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The majority of previous answers have said ASK QUESTIONS and I would like to reaffirm this with more emphasis:

ASK. QUESTIONS.

As stated, it is expected of you - you are new to the system, new to the language and new to the environment. You've been told to ask so you should have no fear about it.

That said, I do understand the hesitation - it's hard, with people, systems and semantics that you don't understand yet to be completely surrounding you, and expecting you to know even the right questions to ask. I've been in the same position of crippling fear that is hindering me from doing my work. So the purpose of this answer is to try and help you to know what to ask and how to ask it.


Write things down

As you're going through code and you're not sure how something works, make a note of it. Write down the actual question you would like to ask. Often when I've done this, it has led me to think of potential solutions to the problem, and I've ended up not needing the help after all. Of course that's not always the case, but can happen. When you have a specific problem in mind, the solution for it might suddenly seem a little clearer.

Collate your questions

Once you have a good list of questions, read through them all and look for connections. Is this question related to this one? Might the answer to this question impact the outcome of this one? Know them inside out, and drill down to exactly what it is you want to know. It may seem like a daunting task initially, but when you really focus on the subject of the questions themselves you will hopefully be able to identify what exactly it is you're unsure of.

Make a note of all the things you've tried to solve problems, or all the different ideas you have about understanding the system - they will be useful later when you're explaining your thought process.

Approach the right person

Look at the people who are available to help and try and decide who will be able to answer these questions best. Is it a manager, a team member? Sometimes this is hard to identify when you're new to a working environment, but do your best - it might be worth asking an initial question of, "Who should I ask about this?" to be directed to the right person.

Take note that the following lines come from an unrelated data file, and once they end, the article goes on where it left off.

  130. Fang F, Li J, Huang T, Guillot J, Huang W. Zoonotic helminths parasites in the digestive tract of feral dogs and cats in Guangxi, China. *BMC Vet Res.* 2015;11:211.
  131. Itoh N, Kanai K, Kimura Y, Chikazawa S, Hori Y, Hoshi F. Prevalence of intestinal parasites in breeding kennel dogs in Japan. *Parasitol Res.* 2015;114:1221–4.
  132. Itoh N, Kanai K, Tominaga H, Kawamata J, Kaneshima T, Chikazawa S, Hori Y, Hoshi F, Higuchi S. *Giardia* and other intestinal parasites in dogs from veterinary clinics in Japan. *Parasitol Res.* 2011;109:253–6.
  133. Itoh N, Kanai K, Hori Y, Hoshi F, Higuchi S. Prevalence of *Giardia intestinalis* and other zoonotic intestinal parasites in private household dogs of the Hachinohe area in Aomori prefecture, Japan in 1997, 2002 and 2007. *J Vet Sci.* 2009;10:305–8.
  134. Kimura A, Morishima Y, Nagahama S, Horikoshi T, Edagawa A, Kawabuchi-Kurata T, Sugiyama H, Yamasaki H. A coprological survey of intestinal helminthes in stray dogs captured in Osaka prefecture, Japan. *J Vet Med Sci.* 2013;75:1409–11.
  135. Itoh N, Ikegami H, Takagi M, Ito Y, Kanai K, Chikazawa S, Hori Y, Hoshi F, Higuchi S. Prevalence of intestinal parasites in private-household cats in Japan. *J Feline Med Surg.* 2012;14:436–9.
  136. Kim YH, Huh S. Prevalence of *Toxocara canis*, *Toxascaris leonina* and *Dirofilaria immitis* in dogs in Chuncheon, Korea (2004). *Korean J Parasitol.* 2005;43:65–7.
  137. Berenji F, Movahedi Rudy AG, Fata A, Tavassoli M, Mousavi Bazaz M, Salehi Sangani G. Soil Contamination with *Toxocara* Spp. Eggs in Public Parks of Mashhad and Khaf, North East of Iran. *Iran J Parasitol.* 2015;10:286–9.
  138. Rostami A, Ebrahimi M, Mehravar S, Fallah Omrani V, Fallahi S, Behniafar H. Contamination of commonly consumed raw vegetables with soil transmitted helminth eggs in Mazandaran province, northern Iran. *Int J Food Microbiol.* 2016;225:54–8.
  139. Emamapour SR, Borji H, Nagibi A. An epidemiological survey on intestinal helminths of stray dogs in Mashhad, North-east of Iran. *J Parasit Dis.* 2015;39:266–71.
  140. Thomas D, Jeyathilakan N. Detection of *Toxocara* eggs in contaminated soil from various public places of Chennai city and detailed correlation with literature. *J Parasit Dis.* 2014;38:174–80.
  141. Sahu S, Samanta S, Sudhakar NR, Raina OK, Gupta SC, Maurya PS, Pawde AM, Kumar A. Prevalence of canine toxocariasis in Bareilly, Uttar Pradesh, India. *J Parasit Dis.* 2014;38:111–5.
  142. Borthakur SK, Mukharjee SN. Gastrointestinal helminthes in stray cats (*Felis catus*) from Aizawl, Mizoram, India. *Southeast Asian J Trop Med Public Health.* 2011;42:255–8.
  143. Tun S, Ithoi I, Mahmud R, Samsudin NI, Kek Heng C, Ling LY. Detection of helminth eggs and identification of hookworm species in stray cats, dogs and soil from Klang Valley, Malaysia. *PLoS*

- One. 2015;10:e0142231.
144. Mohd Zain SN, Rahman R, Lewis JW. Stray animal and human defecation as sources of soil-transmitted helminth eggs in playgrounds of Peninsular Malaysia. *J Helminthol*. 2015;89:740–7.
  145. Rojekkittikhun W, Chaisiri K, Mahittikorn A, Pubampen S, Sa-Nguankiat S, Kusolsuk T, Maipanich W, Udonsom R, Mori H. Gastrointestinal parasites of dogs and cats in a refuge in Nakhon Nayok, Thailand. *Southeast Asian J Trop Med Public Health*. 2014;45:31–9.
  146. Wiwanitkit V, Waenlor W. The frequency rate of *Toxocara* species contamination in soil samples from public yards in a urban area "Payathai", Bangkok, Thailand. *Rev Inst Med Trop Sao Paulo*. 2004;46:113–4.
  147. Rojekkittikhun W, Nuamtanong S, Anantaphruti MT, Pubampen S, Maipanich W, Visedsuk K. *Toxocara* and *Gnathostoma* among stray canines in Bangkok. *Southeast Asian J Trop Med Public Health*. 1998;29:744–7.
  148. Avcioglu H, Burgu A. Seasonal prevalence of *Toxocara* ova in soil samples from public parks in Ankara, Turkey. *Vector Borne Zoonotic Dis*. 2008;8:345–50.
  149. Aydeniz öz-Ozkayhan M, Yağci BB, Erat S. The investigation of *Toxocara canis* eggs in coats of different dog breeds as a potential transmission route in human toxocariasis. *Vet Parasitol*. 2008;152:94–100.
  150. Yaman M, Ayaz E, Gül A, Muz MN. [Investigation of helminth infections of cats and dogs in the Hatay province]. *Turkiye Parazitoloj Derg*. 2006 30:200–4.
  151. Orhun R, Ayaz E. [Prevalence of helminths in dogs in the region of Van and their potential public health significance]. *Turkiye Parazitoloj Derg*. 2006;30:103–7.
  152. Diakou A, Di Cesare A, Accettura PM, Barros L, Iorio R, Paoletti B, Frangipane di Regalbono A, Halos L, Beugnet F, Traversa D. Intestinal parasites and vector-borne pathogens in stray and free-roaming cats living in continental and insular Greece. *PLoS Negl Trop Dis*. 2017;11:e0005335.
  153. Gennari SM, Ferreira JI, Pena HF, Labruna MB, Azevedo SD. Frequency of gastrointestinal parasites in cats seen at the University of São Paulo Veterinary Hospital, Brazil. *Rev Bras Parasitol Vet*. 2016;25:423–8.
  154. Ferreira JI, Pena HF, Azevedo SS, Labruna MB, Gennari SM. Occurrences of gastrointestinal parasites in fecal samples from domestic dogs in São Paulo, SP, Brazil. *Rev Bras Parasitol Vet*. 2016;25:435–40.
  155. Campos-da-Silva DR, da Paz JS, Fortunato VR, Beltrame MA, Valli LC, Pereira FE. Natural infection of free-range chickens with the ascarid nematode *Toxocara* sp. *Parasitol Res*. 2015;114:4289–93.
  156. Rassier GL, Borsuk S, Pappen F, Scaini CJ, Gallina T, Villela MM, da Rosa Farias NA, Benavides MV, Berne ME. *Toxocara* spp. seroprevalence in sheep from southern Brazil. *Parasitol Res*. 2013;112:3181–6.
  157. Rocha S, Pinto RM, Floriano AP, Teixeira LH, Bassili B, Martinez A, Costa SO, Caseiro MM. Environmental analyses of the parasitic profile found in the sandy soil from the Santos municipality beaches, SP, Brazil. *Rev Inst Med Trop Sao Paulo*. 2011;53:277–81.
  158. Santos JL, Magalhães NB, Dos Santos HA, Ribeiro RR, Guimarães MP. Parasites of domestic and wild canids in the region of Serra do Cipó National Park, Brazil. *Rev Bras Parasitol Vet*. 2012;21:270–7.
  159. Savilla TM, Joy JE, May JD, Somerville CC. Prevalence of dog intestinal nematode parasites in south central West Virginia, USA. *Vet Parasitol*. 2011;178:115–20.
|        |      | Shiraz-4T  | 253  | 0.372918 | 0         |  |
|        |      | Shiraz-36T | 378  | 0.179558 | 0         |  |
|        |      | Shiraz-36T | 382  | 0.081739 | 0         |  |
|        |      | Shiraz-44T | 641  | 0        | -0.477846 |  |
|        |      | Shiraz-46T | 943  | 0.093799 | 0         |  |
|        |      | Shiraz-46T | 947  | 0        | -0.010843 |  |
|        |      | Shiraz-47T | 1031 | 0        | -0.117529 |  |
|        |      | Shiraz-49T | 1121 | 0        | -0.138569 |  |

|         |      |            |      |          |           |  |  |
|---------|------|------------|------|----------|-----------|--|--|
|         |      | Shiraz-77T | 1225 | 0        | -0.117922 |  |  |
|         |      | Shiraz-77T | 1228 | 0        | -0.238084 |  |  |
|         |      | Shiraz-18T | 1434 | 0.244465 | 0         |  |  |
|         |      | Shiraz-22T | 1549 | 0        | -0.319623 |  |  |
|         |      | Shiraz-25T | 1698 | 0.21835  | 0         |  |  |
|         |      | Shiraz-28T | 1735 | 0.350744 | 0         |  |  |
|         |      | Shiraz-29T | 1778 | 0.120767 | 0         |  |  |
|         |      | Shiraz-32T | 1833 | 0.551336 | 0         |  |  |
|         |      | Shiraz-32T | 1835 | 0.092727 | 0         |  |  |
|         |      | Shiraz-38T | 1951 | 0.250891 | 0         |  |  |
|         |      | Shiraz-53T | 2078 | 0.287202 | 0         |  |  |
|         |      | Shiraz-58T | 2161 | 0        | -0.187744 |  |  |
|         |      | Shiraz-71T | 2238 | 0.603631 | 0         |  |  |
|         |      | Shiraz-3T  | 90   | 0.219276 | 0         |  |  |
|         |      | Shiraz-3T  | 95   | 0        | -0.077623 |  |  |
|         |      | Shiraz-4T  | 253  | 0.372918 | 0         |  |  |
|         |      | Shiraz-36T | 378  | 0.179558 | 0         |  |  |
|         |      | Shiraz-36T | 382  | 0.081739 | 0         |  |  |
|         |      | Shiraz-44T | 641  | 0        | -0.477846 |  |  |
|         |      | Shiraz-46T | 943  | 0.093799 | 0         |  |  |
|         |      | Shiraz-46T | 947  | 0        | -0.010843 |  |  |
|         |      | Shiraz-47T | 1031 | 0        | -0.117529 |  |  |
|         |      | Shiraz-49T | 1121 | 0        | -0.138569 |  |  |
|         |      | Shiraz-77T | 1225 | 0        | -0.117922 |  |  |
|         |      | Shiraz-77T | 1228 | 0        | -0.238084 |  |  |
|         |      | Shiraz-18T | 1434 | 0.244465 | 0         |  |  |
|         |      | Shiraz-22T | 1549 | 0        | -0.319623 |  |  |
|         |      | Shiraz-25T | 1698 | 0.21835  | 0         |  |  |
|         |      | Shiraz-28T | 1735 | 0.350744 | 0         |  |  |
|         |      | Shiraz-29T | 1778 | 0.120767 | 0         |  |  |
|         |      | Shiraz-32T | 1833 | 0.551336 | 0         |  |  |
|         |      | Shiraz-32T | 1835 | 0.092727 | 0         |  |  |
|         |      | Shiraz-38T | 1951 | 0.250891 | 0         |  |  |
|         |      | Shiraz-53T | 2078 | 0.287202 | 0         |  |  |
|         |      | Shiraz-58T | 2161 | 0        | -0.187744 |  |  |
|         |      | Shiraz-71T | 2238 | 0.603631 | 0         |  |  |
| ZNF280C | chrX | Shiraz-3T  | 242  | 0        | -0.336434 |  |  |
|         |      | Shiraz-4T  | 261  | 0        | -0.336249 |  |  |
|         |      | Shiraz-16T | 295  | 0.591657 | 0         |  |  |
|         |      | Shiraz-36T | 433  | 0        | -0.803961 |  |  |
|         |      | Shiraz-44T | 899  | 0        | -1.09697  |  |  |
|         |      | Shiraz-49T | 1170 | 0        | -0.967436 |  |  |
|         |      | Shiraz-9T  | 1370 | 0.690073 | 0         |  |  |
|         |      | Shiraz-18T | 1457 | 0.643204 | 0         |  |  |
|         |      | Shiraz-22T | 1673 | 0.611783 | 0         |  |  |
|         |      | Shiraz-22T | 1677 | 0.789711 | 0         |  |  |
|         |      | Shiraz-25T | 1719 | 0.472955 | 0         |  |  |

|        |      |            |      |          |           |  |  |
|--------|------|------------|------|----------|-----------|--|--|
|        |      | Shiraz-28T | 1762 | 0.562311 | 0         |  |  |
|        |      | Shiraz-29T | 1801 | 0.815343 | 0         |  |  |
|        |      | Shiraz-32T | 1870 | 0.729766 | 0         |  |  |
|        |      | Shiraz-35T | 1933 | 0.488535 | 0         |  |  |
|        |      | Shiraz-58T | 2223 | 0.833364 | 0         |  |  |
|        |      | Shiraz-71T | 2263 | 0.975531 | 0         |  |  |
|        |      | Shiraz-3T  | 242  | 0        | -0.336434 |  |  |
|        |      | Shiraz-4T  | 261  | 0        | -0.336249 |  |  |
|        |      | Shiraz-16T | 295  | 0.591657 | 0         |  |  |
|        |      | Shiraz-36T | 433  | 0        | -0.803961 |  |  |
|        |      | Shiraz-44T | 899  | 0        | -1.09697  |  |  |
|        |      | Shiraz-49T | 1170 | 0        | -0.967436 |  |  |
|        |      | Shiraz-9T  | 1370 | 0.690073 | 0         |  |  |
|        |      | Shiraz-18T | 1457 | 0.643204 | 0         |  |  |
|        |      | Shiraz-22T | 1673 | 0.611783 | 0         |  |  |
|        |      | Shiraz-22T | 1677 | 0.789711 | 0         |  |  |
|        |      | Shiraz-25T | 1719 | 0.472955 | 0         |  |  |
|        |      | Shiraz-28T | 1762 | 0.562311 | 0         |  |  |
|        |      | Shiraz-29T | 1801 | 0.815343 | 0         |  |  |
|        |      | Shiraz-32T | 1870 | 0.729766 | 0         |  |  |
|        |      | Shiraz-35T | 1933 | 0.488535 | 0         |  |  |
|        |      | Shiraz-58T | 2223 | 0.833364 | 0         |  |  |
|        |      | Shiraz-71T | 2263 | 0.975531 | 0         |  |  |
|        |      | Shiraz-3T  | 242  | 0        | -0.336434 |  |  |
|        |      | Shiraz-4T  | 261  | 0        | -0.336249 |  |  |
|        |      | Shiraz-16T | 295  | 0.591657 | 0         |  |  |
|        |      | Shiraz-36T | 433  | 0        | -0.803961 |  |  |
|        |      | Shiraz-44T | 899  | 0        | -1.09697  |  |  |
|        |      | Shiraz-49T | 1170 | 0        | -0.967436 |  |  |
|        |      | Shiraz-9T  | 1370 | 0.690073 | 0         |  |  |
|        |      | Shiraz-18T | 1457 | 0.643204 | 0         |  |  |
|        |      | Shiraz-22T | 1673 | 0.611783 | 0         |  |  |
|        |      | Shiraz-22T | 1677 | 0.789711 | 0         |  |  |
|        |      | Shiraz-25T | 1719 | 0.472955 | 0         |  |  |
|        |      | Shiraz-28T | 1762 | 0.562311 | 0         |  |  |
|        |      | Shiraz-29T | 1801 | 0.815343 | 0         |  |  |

Once you have someone to ask, make it known what you want to ask about and specifically ask for some time, something like: "I have some questions about this application. Would you mind coming over to my station for about fifteen minutes so I can run them by you?" By doing this, you make your intentions very clear, and you've indicated to them that you require their direct attention for a little while. It means that they can clear a bit of time for you and focus on the task at hand.

Ask the questions!

You should have all your notes and any research that you undertook written down - that research will be handy if they ask you any follow up questions, like "What have you tried so far?" It's very good to show that you're competent enough to have looked into the issue, at least. If you were on the wrong track, that shouldn't be a problem - they'll be able to set you right.

Run through the questions in as structured a fashion as you can. This will help you to keep focused and not miss anything out. I find it useful to have a machine nearby with the code or system in question available, so that if they want to demonstrate something you don't have to go looking for files or snippets.

And try your very best to relax: this person has come over to help you so it's clear that they are encouraging you to ask questions. Be sure to thank them for their time, too.


That's the long and short of it. You will have to ask questions at some point, so better to do it sooner rather than later. Better to (worst case scenario) feel a little bit silly now for missing something obvious than spending weeks looking incompetent because you don't know what you're doing... because of missing something obvious.

It is hard. It can be embarrassing and belittling, especially if you feel like you should be doing better, but it will do you so much good down the line. And I am very confident that once you are on more solid ground, you will feel so much better about your work. Hope it goes well!

NB: One final point - don't compare yourself to your colleagues. It never does anyone any good. See yourselves as a unit focusing on achieving a task, and I guarantee that you will feel happier and more fulfilled.

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I'm also fighting an internal battle between "read the code!" and "ask questions!". The code is readable but i think it does not help me understand the business logic. And i can ask questions and get answers fast but i don't want to bother people.

I think lost at beginning is pretty common thing to be happened, so always stay keep on track with your senior or either manager to know what you can do next till you think that you are capable enough to do it alone , they wont be bothered after all. unless you are repeatedly ask similar question or either a question that you can search it alone

good luck and hope god bless you for your bright future.

EDITED for better readability